Table 6: Sexual dysfunction prevalence between age groups

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Table 7: Sexual dysfunction and age groups (with the treatment)

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Table 8: Sexual dysfunction (pre- and with the treatment)

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Figure 2: Sexual dysfunction with treatment in Group1 (up to 40 years) was mildly affected but severely affected in the age group >40 years

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A multivariate analysis was performed to explore the factors independently associated with SD. It included the age, especially above 40 years [OR 16.106 (95% CI 3.340-77.657)] and stages of liver fibrosis [OR 4.490 (95% CI 0.925-21.798)] [Table 9].
Table 9: Logistic regression

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   Discussion Top


Sexual function and health are the important elements in determining the quality of life and overall well-being of a person. In our study, some degree of impairment in sexual desire was reported in 22% of male HCV patients before therapy. Progressive worsening in patient's sex life after therapy was noticed in 44% patients. This coincides with the findings of Dove et al.[6] who obtained almost the same results on SD, in spite of the fact that Dove's study included a larger number (260) of male American patients (Caucasians and Africans) with BMI 28.5 and age 48 years (43-48 years), our study included 100 HCV Egyptian patients with BMI 26.1 and mean age of 41.4 years. In addition, we observed a decline in the SD during therapy only in 12/22 (54.5%) patients who suffered before the treatment. Dove et al., [6] reported significant declines in all components of sexual health during therapy. We observed in our study that SD (16%) correlated with age. Similarly, Soykan et al.[3] reported that SD correlated with age (P < 0.07) and Dove et al.[6] found significant difference (P < 0.05) of SD compared to age. This may be because Dove et al. included older patients in their study (patients' age was between 18 and 70 years), but in our study the ages ranged from 18 to 60 years (mean age 41.4 years). Soykan et al. [3] admitted that there was SD in 21% of his chronic HCV patients; the mean age of his patients was 46.4 years, which coincides with the findings of our study. Moreover, Danoff et al. and Foster [10],[11] reported in accordance with our results strong association between sexual dysfunction and advanced hepatic fibrosis or cirrhosis. In our study, more SD was found during Peg-IFN and ribavirin treatment in patients with advanced liver fibrosis, and it appeared that age was the most important factor and advanced liver fibrosis was an important independent co-factor in inducing SD during treatment. Thus, one cannot claim with confidence that the relatively high rates of SD in these HCV patients (44% reported moderate to severe dissatisfaction with their sexual life) were higher than expected in men of similar age and race without liver disease.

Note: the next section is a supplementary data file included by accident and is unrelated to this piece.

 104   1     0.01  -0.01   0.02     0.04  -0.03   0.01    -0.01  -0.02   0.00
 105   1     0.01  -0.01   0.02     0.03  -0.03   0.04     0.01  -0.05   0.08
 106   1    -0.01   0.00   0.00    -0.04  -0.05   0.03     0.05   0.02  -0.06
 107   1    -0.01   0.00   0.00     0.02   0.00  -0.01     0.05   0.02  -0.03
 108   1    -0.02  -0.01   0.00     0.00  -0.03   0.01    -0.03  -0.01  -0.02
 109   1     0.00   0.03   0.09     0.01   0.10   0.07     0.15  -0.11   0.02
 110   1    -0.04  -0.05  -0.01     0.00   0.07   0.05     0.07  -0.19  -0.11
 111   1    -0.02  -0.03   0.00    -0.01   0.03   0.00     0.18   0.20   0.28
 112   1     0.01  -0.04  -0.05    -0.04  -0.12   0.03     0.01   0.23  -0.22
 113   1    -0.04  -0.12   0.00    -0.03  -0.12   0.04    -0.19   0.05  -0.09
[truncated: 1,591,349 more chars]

Conclusion Top